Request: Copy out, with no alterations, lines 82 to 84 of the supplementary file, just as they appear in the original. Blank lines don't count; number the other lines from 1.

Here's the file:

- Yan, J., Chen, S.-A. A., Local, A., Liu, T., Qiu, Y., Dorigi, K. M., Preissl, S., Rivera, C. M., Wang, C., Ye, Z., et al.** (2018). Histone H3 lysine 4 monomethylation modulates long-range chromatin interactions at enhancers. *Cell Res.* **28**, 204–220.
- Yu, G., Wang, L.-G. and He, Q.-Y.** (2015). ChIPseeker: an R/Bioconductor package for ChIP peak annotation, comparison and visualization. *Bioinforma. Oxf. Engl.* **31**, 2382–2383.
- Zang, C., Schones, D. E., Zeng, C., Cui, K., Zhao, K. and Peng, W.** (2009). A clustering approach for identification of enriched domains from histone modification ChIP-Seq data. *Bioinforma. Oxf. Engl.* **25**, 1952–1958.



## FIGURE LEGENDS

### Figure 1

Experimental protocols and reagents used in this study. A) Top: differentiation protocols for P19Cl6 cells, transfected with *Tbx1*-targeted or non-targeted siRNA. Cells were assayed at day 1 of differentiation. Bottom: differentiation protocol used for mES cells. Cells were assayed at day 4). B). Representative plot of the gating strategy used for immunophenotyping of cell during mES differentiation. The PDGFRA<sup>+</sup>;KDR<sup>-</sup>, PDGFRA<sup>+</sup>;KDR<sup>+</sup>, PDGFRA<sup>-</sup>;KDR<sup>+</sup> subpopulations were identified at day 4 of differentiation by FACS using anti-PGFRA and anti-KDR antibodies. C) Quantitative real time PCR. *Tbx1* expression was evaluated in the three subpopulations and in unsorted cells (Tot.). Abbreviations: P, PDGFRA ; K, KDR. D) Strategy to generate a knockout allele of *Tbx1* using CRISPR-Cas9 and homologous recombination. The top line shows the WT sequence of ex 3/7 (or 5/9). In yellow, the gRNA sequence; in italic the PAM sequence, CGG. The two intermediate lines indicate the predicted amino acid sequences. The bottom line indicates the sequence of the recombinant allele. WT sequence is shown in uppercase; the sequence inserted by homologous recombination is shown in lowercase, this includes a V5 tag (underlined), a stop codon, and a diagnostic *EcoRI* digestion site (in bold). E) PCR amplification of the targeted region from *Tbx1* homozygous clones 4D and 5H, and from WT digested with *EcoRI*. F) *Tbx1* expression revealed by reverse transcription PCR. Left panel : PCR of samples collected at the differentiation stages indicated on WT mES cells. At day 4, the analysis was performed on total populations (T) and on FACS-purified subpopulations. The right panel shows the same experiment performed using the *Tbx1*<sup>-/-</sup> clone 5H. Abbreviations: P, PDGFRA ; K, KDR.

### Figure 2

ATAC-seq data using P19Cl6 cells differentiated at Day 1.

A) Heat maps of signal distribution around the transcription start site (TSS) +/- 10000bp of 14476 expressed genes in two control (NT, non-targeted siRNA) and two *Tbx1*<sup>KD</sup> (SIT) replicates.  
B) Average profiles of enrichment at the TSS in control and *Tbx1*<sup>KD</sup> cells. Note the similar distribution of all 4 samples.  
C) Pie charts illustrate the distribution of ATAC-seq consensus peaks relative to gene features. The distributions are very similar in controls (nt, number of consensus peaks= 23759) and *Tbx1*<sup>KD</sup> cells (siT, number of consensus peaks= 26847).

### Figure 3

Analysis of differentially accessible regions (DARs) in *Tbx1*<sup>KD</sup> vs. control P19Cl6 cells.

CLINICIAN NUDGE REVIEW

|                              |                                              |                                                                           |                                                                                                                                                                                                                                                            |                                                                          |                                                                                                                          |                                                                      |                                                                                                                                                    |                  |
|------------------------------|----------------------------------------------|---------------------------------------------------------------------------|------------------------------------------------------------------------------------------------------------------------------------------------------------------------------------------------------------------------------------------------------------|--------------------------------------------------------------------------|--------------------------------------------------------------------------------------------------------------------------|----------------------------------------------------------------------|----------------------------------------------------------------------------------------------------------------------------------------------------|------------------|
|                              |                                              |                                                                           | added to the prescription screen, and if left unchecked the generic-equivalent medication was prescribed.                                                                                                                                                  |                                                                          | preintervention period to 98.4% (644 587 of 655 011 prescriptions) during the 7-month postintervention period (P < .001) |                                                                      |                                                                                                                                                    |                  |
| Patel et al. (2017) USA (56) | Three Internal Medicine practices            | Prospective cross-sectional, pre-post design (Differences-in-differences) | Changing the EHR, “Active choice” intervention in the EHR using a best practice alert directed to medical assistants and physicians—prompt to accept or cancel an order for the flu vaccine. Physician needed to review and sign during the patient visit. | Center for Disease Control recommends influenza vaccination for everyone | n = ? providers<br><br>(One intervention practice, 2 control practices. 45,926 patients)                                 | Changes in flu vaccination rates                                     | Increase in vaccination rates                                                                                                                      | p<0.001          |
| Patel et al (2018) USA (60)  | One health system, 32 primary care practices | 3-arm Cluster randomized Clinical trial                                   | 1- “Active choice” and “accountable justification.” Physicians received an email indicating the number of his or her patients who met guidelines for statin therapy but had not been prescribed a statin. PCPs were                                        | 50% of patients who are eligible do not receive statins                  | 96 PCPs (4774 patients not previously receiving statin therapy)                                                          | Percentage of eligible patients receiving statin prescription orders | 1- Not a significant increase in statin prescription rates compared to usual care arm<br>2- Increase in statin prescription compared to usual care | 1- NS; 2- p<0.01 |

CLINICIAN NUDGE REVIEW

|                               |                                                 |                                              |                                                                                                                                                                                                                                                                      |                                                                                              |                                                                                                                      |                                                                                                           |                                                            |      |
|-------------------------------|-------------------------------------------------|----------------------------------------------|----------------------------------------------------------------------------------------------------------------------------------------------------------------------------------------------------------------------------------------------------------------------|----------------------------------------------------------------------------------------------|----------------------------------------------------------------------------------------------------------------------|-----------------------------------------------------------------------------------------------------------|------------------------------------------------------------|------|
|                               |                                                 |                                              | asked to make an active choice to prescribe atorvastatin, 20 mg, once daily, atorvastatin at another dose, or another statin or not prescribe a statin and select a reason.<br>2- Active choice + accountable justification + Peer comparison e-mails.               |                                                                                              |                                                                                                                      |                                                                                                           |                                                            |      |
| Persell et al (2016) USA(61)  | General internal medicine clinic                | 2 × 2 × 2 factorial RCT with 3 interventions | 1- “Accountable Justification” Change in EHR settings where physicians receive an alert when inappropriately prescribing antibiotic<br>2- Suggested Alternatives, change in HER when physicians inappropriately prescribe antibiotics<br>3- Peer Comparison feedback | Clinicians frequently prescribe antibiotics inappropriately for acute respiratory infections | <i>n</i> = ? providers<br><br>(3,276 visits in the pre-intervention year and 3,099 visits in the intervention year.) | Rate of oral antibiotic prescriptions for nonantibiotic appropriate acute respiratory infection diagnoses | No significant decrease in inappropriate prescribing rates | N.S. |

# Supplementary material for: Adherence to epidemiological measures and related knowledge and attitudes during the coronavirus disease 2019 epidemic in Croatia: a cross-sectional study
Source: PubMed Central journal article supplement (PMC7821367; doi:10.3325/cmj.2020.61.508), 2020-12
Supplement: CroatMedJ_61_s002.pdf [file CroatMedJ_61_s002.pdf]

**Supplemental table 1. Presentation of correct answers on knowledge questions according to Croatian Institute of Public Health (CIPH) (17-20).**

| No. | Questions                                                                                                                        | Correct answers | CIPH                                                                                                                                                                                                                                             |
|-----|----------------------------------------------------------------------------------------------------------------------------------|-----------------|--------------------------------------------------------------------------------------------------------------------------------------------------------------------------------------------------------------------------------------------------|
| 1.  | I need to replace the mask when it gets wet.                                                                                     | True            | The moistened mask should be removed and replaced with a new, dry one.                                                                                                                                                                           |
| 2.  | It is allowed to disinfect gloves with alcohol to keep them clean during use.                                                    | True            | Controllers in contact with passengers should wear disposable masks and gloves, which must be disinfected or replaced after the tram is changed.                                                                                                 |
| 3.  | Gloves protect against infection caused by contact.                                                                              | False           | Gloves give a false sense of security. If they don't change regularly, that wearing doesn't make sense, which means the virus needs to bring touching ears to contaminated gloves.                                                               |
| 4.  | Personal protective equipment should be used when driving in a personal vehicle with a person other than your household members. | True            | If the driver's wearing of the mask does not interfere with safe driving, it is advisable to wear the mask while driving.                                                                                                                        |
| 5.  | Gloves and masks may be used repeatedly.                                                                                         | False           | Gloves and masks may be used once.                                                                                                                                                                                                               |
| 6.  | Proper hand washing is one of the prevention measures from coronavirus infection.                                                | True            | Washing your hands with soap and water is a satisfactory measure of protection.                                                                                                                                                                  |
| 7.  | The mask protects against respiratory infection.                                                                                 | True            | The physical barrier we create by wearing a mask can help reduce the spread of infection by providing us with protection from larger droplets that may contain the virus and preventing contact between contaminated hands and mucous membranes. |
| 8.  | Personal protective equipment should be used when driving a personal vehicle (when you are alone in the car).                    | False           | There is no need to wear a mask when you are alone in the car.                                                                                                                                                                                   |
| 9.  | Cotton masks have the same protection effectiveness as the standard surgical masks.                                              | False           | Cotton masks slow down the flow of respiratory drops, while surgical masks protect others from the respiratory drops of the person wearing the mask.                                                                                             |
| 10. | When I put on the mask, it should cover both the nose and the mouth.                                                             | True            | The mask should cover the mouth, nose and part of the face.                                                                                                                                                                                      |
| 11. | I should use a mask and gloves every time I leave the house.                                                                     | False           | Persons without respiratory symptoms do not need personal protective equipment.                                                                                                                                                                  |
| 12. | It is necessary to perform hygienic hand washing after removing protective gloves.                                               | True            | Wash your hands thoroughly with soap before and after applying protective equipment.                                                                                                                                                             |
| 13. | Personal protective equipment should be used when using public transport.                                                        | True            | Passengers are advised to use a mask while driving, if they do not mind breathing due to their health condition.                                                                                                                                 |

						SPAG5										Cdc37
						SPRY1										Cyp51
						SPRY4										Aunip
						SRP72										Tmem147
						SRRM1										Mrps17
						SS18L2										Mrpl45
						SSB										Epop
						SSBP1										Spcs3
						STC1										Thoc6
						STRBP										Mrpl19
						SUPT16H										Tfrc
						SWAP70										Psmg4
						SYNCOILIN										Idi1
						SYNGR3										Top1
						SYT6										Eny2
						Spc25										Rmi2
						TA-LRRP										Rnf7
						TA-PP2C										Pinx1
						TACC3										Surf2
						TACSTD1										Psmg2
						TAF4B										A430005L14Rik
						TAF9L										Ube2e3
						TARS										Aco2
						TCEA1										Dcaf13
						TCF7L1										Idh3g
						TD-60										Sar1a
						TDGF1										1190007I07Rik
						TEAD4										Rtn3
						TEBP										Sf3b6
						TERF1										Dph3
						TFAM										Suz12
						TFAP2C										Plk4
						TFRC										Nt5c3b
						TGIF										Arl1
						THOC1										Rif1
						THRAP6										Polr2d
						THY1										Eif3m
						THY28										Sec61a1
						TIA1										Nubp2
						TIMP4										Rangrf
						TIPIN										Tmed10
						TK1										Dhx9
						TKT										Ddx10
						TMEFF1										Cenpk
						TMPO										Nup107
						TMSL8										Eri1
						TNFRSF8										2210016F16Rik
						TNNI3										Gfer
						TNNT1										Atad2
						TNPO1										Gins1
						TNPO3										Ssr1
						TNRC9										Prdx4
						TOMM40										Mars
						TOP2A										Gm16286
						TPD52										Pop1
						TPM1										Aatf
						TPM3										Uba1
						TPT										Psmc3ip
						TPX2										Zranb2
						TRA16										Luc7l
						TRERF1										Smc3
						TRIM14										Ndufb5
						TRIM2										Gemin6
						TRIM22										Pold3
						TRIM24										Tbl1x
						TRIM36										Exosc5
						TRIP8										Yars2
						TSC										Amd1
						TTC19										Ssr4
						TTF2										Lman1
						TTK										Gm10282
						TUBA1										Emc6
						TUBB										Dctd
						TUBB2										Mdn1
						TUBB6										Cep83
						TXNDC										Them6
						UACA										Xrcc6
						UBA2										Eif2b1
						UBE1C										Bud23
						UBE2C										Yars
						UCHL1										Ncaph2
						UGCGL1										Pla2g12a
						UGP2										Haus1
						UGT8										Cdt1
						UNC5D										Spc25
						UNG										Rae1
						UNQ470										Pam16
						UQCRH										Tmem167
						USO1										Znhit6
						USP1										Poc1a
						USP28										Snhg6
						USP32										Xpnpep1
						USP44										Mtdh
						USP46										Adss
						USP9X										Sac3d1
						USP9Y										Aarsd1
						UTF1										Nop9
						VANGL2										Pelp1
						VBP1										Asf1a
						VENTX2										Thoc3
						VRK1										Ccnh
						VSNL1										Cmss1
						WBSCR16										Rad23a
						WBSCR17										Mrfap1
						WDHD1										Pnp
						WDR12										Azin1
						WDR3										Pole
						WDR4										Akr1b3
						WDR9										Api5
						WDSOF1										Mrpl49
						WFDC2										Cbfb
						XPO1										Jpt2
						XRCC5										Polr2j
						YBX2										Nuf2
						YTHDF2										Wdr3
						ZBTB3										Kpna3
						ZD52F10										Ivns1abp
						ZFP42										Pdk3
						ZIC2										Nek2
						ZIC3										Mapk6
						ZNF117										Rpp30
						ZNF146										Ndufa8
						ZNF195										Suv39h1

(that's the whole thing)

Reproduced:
						TIA1										Nubp2
						TIMP4										Rangrf
						TIPIN										Tmed10